As you can see above, someone with a knowledge of how to spot the signs can make an assumption about which influencers they think are ‘faking it’. If you clicked through to this blog expecting a list of names… I’m sorry to disappoint you. It’s not part of Inkluded’s mission to personally attack any tattoo artists yet I do believe this is a topic we should be discussing right now.

Why?

In an increasingly digital world, social media has become such an integral part of our lives. What that means is – having a large social following is now considered an indication of your success. We believe that how we are being perceived digitally is a vital part of our progression – personally, professionally, spiritually, whatever.

A greater following attracts attention from brands and peers so more online fans can equate to more opportunities. Many tattooists are often denied sponsorship or digital shout-outs because they have less than the required number of Instagram followers to be considered: “contact us for a mention if you have over 100k followers”, and so on. It’s not the case with all sponsors, conventions, brands and magazines, of course, but we’re talking about an amount decent enough that it does drive some to consider options for growing their reach online in order to increase possibilities.

The same can be said for the blogging world. A large following equals large brand collaborations. Large brand collaborations can essentially turn what you do from a hobby into into a profitable career. When getting those number to roll up can be pretty cheap (a 2016 report stated that $250 could buy you 50,000 followers (2)), it can seem a small price to pay when you consider the life it could reward you with.

Quick disclaimer – I’m not trying to suggest that a large organic following is not regularly possible and worthy of celebration, of course. The world’s greatest tattooers and influencers have naturally grown a huge, well-deserved, fan-base. We’re not talking about them, but rather more specific emerging communities.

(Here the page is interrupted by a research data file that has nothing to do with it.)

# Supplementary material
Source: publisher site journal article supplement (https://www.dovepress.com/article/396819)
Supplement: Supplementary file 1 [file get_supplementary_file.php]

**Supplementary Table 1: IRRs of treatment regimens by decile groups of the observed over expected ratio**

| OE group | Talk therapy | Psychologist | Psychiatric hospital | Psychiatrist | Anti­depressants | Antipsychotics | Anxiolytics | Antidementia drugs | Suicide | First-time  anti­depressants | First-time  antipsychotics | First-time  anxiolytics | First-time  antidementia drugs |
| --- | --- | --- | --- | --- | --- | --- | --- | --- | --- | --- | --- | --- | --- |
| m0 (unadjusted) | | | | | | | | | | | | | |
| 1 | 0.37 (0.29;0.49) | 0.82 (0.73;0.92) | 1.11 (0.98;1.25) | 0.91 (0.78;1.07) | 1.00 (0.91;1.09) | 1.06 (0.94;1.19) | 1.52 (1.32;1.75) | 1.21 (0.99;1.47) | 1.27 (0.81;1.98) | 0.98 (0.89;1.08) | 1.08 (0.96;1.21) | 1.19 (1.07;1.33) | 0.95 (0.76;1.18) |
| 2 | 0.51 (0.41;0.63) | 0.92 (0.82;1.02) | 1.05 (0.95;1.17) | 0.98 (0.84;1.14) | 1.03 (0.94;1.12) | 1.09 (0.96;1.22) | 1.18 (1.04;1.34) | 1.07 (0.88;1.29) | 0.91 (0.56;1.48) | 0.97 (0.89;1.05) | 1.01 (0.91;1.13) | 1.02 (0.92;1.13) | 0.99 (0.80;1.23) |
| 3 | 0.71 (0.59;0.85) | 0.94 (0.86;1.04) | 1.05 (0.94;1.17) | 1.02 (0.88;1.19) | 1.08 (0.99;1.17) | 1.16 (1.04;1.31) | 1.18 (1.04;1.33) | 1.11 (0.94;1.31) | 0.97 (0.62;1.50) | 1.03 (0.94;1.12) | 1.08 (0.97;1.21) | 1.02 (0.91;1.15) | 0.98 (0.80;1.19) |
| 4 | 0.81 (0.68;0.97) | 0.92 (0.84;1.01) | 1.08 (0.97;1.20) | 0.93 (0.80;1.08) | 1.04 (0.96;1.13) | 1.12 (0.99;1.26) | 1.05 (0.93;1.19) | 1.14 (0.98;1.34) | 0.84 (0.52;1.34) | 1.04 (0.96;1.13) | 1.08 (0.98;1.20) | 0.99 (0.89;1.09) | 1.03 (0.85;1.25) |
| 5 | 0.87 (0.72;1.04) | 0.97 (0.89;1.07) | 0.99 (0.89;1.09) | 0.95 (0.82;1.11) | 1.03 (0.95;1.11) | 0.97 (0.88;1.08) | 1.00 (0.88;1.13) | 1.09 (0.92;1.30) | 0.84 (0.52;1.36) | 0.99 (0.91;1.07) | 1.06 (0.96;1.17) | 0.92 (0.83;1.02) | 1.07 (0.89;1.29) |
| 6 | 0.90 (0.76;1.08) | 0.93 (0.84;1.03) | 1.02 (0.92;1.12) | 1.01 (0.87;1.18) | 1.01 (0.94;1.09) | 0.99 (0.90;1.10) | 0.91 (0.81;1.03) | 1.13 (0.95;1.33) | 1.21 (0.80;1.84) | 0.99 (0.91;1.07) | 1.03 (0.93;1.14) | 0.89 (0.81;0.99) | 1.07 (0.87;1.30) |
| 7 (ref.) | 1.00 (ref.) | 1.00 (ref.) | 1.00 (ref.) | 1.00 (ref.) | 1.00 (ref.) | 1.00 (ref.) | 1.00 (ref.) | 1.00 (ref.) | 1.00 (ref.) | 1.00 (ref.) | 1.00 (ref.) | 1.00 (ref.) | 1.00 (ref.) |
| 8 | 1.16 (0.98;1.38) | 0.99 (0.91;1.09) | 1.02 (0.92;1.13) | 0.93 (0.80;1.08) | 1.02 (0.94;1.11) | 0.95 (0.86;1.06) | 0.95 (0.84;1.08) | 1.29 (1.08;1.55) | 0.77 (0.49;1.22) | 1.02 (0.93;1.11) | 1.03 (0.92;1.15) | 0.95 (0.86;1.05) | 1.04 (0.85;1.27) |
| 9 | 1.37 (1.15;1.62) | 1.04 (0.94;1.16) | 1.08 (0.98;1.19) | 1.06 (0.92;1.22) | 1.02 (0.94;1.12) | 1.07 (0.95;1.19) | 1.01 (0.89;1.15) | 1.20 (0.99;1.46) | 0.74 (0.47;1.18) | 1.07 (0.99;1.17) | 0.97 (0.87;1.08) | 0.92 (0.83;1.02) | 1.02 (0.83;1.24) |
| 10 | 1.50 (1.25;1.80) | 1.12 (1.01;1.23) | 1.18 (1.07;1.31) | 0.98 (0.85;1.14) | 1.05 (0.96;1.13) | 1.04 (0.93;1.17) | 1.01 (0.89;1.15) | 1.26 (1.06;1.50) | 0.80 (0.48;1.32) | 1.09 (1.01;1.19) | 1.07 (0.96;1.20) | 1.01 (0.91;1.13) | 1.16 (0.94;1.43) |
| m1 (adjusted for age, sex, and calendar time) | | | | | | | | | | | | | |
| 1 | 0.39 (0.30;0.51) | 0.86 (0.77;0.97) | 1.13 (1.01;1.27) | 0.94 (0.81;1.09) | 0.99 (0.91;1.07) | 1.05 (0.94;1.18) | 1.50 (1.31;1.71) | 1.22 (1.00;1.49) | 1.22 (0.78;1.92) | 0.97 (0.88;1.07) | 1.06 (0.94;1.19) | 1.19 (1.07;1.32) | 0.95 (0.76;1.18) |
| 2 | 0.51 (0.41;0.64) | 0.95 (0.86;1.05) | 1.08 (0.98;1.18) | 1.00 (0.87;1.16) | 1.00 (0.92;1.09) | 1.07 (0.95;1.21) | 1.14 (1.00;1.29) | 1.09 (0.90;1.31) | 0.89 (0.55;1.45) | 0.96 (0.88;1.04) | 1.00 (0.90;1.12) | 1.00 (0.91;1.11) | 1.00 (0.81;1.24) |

Photo by Clem Onojeghuo (Unsplash)

Photo by Clem Onojeghuo (Unsplash)

More followers can mean more recognition. But in my eyes, things just aren’t that simple and the amount of Instagram fans you have is not always an accurate reflection of your influence.

Outsider brands are often not fully aware of a potential influencer’s status within their own networks. Unless the company is completely absorbed in that industry, their marketing team need a fast way to deduct whether the blogger or tattooer is well-known and well-regarded. Sadly, these brands often look at that follower stat before anything else.

You can have a small following and still be more talented and respected in your field than someone with greater stats than you. And what about the real world? The actual humans who admire and receive your work physically? How do we track them in an ever-growing online age? I don’t have the answer but I think we can work on finding it.

Photo by William Iven (Unsplash)

Photo by William Iven (Unsplash)

So, why is everything we’ve discussed above, damaging?

By taking this kind of shortcut, in any industry, you’re compromising your reputability and integrity in your respective field. Rather than putting in the labour to perfect your craft (whatever it may be) and growing a fan-base who love you organically, you’re essentially faking it for a quick fix.